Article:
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The cities we're discussing were all built out, to their city limits, before the mass adoption of automobiles. After that, the US had a public policy aneurysm and forgot how to make livable cities for most of the 20th century. Houston, Dallas, Atlanta, Phoenix, and Las Vegas reflect it the most. While this mode has some advantages, one of the disadvantages is a real lack of walkable character that make them awful places to visit as a tourist who wants a vacation without the complications of driving in a unfamiliar city.

Mass adoption of automobiles but also the mass adoption of air conditioning probably had a huge effect on the postwar development of the cities you mentioned. And I'm not sure that I would use Las Vegas as an example of a city where tourism doesn't work well. That's about all they have there. I submit that 85+ degree temperatures has more to do with a lack of walkable character than anything having to do with a car.

Some of this can be remedied by a good fixed, frequent transit system. Fortunately, even though Houston is very auto oriented, most interesting things are relatively close to each other -- 6 miles from DT to Uptown, 3 miles from DT to TMC, 2 miles from DT to Museum District -- and are pretty easy to link up with an LRT system. The University Line and Uptown Lines would be massive improvements to making Houston friendlier to tourists. I'd also love to see a fast interurban Houston-Galveston train sometime, but that's a little more fanciful than eventual completion of our LRT system.

Again, walking and carrying stuff is hard. Especially if you have kids or if it's raining, etc. etc. The problem that the Houston-Galveston train ran into in the '90s (besides crappy, slow track) is that you wind up on the wrong side of the island with no car. Getting to the beach is a hassle. If all you want to do is go to the Strand, then I guess it's OK, but seriously, it's way easier to drive there.

Anecdotes don't equal data, of course, but the last time my family was in Chicago, we were there as tourists. I think we can fairly safely agree that Chicago is a legitimate tourist destination. My wife, being kind of a greenie, was very excited about the possibility of taking commuter rail and the El to get around. We stayed in a northern suburb hotel and tried to work out ways to get where we were going using mass transit. We were very disappointed to see that it was a lot faster and a lot cheaper to drive, even with parking costs. Pretty much everywhere. And, by the way, if you were to ask me what the coolest thing about Chicago is and what I would go there to see, very high on my list would be historic architecture. The stuff that Houston seems to happily throw away. The best city I've been to for tourist-friendly mass transit is probably Washington DC. Maybe New York, but taxis are still easier. That's just a car you don't have to park yourself.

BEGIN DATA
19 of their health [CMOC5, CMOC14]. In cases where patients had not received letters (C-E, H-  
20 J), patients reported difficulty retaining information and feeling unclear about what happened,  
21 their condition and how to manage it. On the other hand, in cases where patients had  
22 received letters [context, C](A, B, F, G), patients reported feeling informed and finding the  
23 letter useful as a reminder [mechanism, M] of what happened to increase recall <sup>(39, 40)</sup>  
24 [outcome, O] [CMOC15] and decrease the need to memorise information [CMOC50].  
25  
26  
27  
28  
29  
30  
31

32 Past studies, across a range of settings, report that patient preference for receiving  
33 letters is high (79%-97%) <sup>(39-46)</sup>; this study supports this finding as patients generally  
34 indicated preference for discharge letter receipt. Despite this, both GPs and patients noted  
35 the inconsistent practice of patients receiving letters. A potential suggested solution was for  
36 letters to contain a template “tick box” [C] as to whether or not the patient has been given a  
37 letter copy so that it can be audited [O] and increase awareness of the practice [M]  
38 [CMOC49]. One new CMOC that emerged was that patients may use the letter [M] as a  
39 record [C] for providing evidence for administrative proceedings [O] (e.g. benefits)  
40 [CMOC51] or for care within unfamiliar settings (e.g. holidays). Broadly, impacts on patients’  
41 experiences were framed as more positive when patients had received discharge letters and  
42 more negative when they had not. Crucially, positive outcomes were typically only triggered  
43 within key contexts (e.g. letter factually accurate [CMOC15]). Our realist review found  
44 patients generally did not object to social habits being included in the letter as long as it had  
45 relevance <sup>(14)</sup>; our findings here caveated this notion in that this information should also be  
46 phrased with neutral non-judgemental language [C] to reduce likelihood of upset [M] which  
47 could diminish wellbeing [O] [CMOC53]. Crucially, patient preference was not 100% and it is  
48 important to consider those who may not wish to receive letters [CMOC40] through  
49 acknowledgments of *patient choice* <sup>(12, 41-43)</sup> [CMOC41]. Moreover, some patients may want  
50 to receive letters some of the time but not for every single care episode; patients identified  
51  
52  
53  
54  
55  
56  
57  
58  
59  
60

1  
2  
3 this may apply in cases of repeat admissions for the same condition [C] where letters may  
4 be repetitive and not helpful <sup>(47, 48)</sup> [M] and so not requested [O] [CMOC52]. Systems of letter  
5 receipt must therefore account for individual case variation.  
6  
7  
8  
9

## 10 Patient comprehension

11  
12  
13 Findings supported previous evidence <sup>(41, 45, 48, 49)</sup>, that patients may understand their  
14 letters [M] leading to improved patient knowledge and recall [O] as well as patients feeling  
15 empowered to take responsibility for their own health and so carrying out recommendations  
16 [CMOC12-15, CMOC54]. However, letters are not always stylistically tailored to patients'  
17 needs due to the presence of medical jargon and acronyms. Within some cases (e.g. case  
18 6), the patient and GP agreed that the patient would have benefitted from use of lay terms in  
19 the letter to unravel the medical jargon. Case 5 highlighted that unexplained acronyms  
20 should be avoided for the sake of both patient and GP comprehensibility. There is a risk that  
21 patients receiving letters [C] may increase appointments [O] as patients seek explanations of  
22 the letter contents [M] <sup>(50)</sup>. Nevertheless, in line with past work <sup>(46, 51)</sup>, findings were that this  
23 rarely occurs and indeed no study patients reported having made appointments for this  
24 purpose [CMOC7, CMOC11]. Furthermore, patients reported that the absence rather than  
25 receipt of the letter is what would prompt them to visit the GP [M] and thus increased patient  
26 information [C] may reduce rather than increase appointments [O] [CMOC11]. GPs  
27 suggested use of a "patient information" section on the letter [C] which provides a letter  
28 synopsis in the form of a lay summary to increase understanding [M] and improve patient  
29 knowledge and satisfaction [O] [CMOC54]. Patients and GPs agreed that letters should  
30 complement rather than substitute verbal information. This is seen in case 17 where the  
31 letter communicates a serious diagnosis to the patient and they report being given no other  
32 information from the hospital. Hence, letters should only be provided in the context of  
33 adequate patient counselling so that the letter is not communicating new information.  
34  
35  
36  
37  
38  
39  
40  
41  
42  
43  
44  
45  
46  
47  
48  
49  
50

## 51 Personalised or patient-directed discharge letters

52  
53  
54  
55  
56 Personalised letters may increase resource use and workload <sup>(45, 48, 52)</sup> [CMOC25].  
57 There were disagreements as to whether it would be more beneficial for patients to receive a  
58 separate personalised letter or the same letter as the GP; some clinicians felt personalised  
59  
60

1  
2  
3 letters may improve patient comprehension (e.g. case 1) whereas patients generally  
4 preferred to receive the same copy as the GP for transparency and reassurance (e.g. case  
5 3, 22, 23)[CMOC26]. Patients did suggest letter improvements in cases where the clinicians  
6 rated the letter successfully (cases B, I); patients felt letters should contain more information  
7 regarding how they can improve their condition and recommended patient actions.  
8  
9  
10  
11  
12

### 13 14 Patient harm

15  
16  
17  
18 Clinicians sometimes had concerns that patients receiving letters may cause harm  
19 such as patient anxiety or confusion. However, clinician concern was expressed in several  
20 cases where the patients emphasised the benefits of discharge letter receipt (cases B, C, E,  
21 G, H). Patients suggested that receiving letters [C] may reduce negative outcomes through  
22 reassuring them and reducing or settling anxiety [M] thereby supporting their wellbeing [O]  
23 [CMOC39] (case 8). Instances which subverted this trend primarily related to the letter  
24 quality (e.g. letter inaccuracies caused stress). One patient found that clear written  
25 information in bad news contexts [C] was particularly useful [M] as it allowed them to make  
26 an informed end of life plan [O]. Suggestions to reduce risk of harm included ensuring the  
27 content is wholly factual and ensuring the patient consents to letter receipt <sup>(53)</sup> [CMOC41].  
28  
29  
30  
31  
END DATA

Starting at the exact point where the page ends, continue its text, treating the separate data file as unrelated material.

I also think Houston is doing better than Dallas at organically increasing density. And I think Atlanta might be flawed in ways that are difficult to fix -- outside of the small downtown street grid, it's pure suburbia in every direction right out of the gate, with limited arterial streets. I had a flight out of Atlanta at night just a few days ago that had a long, slow arc around the city at takeoff. It's really striking how quickly the density decreases to nothing.

Dallas and Atlanta also both lack the diversity and cosmopolitan character of Houston.

Density has nothing at all to do with tourism. In fact, it can easily make drawing tourists harder if it's too hard to get near your attractions. I would argue that if you don't already have something with real historical significance that is going to draw tourists (USS Constitution, Liberty Bell, certain famous museums) then you are better served putting your attractions out where there's plenty of cheap land and parking.

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Are there any other ideas on what we can do to make Houston more touristy?

Put kiosks on every other corner of downtown selling t-shirts with Mayor Parker's picture on it saying "My (fill-in-the-blank-with-relative-not-close-enough-to-buy-you-anything-nice) went to Houston and all they bought me was this lousy shirt"

That should be sufficiently touristy.

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This ad so lame it practically makes my eyeballs bleed. The logic here is similar to wearing a tee-shirt made up to say “I’m really a very cool person” in the expectation that people will then come up to you and say “I see by your shirt that you are very cool. Will you be my friend?” One would have to be fairly delusional to believe that this communicates anything other than that Houston must be extremely insecure in its identity. I wouldn’t think that the truly funky among us feel compelled to advertise the fact, much less using such an inane typeface.

And what is with parking the Art Car in front of the St Regis hotel? Are readers supposed to infer that those funkified Houstonians stay at five-star hotels? If anything, the crowd at the St Regis is probably fairly funk-free, almost by definition.